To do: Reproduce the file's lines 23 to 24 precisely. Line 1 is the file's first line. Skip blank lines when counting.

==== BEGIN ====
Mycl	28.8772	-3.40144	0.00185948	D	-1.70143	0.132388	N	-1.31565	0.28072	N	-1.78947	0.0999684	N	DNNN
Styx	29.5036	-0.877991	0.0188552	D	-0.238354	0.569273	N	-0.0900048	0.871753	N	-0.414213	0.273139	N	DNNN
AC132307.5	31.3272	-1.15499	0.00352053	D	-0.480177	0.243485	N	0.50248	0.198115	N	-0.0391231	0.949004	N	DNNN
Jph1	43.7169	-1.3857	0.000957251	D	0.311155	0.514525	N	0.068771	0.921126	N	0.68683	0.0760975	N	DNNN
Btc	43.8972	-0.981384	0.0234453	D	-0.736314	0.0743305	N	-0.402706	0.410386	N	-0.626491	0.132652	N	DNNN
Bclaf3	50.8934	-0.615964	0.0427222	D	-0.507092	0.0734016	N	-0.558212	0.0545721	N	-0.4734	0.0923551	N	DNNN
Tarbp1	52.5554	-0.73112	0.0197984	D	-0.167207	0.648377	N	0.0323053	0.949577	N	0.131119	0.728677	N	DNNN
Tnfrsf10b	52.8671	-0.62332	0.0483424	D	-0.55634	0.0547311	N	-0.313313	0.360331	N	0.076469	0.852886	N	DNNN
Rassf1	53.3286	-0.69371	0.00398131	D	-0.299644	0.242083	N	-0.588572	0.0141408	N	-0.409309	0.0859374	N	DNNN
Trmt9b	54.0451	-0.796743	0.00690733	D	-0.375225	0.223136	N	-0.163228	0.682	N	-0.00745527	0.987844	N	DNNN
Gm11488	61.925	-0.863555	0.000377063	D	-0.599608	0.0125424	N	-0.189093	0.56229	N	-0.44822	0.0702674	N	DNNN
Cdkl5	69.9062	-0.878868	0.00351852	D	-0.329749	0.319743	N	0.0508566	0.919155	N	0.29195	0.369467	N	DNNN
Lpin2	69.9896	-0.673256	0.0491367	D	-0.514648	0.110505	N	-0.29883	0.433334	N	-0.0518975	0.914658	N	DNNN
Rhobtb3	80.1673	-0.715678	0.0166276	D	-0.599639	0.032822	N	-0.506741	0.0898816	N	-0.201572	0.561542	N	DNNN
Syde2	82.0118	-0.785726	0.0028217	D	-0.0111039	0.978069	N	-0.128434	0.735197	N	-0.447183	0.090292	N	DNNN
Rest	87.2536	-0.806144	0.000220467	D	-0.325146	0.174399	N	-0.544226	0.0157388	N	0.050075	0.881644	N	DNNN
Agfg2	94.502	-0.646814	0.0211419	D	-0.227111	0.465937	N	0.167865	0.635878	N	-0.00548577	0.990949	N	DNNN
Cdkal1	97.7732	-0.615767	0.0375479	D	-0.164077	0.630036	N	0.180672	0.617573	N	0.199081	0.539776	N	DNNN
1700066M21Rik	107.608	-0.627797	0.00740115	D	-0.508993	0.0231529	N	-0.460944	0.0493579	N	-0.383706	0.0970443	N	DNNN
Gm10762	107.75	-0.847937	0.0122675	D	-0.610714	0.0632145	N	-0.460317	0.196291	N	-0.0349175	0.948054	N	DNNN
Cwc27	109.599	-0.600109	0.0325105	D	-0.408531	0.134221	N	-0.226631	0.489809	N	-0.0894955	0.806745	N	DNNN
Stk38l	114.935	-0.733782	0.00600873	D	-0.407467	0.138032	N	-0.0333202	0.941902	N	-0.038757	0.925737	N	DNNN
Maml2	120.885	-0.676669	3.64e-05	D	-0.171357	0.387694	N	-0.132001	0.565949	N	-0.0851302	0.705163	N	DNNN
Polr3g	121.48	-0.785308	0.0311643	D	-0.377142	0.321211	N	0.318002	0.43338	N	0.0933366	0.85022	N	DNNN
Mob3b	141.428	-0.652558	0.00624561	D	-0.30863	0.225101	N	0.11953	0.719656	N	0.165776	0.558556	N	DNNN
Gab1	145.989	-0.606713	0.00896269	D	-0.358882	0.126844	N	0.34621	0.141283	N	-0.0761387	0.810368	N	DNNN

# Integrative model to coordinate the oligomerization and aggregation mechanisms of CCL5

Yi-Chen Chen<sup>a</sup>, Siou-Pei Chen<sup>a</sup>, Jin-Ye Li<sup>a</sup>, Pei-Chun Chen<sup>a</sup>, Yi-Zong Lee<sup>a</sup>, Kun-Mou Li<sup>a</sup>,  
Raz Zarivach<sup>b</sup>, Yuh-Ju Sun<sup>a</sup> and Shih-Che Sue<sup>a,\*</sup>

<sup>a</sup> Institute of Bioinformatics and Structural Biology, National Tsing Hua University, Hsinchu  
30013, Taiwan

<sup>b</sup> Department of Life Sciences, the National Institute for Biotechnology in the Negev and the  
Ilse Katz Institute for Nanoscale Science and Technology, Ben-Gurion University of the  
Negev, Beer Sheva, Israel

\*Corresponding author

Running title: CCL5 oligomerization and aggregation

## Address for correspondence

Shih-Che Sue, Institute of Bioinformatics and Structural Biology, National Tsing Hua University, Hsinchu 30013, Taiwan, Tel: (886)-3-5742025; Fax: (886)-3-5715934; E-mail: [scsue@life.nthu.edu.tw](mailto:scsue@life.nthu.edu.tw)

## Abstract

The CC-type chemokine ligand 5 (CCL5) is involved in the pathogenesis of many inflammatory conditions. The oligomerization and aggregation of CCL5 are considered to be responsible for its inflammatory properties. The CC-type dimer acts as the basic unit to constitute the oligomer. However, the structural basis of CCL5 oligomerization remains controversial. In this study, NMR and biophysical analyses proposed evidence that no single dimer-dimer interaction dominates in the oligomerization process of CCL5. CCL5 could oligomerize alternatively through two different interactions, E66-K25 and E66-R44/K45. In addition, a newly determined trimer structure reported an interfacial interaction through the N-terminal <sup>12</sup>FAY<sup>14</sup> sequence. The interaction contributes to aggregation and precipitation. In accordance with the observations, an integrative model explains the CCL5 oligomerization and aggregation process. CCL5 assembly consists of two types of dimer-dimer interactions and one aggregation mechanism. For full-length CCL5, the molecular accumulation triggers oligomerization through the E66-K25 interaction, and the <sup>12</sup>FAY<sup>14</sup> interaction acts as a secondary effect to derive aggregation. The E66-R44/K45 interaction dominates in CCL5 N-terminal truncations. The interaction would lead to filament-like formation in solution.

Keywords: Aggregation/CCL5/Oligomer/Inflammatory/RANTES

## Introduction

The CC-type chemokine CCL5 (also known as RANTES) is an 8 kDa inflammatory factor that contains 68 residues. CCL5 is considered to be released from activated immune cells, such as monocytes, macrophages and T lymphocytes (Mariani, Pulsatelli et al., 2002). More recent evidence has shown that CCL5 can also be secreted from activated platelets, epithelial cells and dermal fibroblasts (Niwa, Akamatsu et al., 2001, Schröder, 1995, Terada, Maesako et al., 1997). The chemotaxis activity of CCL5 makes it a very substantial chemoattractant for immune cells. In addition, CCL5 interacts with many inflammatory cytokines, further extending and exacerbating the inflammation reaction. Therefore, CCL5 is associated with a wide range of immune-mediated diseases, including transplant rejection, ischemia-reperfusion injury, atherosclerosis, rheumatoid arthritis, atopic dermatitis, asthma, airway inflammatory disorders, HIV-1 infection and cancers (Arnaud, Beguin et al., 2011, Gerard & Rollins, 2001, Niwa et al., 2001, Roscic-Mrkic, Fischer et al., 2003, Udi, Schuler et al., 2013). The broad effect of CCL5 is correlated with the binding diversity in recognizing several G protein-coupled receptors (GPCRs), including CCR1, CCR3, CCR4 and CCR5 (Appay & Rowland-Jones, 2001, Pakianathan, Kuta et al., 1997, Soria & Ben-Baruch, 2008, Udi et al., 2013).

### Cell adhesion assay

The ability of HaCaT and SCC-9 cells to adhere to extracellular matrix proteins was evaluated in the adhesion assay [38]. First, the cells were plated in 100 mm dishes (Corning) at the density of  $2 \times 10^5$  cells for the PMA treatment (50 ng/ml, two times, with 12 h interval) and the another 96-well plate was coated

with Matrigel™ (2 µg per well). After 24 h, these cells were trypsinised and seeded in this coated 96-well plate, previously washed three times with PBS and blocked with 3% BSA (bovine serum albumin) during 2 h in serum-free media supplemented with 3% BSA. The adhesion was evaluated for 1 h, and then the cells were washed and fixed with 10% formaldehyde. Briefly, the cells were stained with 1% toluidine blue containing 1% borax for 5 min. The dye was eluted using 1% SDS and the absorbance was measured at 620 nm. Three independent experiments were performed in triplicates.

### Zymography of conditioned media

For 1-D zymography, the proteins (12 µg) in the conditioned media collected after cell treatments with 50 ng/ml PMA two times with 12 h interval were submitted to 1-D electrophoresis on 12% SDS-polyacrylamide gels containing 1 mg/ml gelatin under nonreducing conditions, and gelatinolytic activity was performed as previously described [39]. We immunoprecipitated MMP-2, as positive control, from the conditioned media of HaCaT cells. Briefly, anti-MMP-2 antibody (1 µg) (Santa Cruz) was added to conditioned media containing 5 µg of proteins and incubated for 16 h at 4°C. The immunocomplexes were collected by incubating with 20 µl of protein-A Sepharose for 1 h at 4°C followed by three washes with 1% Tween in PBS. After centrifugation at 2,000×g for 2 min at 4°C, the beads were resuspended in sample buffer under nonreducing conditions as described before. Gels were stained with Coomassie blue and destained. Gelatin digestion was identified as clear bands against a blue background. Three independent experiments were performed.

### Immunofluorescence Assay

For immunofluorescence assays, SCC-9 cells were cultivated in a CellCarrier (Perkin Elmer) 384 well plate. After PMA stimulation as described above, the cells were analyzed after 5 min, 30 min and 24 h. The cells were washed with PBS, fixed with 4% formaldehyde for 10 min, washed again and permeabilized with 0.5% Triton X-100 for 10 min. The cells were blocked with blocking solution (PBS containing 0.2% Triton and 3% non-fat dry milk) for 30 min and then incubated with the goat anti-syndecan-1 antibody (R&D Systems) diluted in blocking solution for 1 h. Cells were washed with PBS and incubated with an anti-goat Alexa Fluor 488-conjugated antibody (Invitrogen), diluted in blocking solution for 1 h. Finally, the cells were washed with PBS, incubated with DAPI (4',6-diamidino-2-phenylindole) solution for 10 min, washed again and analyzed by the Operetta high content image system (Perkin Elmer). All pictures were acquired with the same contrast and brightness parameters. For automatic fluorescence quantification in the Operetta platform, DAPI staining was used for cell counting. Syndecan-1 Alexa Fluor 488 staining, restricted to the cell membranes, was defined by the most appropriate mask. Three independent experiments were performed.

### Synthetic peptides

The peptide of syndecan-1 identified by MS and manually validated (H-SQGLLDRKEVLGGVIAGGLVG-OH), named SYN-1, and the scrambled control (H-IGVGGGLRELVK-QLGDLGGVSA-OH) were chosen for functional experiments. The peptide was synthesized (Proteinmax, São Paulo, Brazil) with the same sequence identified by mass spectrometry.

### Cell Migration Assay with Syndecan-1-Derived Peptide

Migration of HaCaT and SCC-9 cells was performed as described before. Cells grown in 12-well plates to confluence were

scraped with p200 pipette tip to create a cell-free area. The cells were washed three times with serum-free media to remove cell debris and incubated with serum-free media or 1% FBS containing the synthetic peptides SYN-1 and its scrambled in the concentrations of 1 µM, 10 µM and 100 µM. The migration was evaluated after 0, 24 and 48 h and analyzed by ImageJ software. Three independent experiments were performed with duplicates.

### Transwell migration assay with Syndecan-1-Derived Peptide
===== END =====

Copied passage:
Maml2	120.885	-0.676669	3.64e-05	D	-0.171357	0.387694	N	-0.132001	0.565949	N	-0.0851302	0.705163	N	DNNN
Polr3g	121.48	-0.785308	0.0311643	D	-0.377142	0.321211	N	0.318002	0.43338	N	0.0933366	0.85022	N	DNNN